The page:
Certain areas of your landscape may have a rain shadow or microclimate due to the terrain, buildings, structures, shade cloth, canopy, or sheltered areas where these areas are direr or the water is reduced because they are deflected by the covering reducing the amount of water delivered to plants as compared to exposed areas. These drier areas should not be ignored. Potted plants underneath the eaves or overhangs do not get influence of rain water even though the surrounding areas are moist these protected areas need water.
The type of material a landscaping pot is made out of, for example, clay can be very porous and absorb moisture very quickly. These areas may need to be checked to see if it needs additional water during a rain storm. Plants in containers especially if they are crowded with lots of other plants, the leaves, and other plant material block the rain from reaching the soil. All of the leafy foliage covers the soil surface meaning that no rain really reaches the roots. And the bigger, more mature the plants, the more this will be the case. In this case it is wise to water by hand using a watering wand and target the water directly at the roots something the rain does not do efficiently. Most containerized soils need to be rehydrated after the initial watering so the entire soil from top to bottom needs to be uniformly moist.
Before and after watering, I like to do a finger test to check to see if the soil is actually wet. The top of the soil may appear to be moist but what is down below is what matters. So, don’t be fooled by rain! If you think it’s rained and you don’t need to water a container, you’re probably wrong. Remember you do not want sprinkle the leaves, instead you want to water at the root of the plant.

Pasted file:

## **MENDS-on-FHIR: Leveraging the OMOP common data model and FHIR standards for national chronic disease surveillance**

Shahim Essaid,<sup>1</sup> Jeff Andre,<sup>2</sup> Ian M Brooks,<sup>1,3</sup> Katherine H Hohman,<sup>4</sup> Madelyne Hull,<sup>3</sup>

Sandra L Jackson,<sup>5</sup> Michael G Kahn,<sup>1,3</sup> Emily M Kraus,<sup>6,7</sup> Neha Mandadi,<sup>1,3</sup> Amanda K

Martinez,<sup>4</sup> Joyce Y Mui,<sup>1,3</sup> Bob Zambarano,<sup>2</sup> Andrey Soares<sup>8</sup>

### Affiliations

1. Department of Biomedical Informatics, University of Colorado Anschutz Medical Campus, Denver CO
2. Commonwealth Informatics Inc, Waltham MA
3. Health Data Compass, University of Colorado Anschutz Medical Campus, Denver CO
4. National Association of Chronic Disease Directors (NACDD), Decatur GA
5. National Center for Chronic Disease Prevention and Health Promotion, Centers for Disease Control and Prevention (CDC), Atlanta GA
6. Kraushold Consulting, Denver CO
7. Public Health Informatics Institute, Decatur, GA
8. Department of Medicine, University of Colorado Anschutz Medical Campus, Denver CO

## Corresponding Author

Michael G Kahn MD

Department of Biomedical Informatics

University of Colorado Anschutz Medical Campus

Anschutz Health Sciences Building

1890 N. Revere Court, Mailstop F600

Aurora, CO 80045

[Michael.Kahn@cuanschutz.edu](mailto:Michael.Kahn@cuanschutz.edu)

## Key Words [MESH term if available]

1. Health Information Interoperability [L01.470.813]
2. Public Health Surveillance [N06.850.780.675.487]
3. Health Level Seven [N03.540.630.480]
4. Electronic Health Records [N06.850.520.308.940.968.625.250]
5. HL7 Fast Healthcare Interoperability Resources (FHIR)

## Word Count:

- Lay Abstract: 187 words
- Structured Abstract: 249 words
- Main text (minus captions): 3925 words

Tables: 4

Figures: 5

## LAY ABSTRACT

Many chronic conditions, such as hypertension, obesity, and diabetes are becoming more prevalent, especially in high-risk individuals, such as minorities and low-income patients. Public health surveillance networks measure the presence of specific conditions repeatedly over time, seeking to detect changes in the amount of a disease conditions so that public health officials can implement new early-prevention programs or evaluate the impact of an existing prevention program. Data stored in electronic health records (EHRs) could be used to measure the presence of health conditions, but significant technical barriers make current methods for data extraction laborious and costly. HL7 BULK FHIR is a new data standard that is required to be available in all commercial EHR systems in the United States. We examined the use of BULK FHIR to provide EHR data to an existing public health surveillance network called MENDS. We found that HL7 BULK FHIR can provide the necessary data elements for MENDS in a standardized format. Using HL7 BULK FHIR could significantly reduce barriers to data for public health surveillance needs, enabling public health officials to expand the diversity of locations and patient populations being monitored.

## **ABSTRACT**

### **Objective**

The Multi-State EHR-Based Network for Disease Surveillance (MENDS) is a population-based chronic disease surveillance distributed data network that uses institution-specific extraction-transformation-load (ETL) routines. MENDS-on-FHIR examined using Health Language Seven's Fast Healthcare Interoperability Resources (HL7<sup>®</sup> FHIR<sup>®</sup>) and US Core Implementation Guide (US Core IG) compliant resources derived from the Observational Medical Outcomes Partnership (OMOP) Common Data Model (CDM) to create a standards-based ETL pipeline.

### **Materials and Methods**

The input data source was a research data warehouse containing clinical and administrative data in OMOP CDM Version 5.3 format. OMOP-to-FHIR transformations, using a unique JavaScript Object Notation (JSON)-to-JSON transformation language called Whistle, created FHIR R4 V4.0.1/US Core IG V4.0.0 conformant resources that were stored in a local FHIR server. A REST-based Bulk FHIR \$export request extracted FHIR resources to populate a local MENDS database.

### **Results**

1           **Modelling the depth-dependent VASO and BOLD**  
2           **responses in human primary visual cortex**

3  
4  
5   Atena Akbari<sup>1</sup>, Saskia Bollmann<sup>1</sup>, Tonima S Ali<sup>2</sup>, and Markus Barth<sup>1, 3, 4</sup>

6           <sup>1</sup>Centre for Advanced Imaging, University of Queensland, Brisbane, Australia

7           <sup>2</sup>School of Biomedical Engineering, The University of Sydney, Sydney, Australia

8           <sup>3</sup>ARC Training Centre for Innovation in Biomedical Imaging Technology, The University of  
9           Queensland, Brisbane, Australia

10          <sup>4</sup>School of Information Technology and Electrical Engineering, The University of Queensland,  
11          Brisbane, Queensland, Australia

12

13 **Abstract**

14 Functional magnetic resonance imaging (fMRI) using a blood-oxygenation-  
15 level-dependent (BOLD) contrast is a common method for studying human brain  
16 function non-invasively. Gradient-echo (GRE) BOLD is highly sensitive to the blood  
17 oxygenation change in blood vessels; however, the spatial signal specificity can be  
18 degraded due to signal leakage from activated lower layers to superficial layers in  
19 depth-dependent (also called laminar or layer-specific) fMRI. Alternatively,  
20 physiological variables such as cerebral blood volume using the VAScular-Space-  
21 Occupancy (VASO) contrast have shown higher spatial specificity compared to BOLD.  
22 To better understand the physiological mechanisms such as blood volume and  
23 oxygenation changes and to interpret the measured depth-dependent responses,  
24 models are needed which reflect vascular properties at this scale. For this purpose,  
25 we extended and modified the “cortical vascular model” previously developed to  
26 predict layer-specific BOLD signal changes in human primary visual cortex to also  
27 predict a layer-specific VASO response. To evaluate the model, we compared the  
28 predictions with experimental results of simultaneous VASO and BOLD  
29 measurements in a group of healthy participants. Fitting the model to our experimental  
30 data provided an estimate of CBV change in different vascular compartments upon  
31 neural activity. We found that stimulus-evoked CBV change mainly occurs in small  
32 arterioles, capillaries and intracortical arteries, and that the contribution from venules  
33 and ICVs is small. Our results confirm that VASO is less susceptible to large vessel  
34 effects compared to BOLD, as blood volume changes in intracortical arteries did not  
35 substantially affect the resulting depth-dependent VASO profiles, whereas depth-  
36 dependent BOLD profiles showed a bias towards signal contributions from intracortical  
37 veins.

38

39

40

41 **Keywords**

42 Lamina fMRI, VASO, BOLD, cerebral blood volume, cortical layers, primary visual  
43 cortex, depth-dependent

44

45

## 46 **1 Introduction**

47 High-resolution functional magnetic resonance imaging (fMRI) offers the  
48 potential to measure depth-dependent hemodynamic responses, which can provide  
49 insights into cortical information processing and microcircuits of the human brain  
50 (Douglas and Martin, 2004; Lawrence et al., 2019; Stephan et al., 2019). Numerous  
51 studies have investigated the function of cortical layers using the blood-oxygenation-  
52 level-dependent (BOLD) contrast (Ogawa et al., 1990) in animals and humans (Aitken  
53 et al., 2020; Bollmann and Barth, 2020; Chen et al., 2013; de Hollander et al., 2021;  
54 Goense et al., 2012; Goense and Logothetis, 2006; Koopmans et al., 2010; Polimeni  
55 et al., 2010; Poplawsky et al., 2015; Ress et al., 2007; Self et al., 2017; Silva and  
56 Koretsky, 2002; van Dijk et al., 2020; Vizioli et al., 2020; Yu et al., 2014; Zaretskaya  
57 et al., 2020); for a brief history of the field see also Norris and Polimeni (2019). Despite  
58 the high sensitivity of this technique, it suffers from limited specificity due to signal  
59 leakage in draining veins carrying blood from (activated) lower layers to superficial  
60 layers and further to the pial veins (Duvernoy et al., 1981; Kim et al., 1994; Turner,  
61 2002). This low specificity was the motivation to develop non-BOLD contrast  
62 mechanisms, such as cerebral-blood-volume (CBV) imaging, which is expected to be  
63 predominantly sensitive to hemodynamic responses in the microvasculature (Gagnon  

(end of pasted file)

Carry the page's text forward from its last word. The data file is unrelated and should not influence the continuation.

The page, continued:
House plants and interior plants need water even when it’s raining. Also plants that are hanging because hanging plants usually dry out faster than other plants. Make sure to double check those individuals. Many times accompanied by a rain storm are strong winds that can dry out plants even during the rain. During this situation watering may need to be put in place. Likewise, when wind is accompanied by rain the rain can blow sideways missing the desired plants entirely. Then, again, you may have so much rain and runoff of the soil that occurs, resulting in plants actually not receive water at the root zone resulting in a dry plant.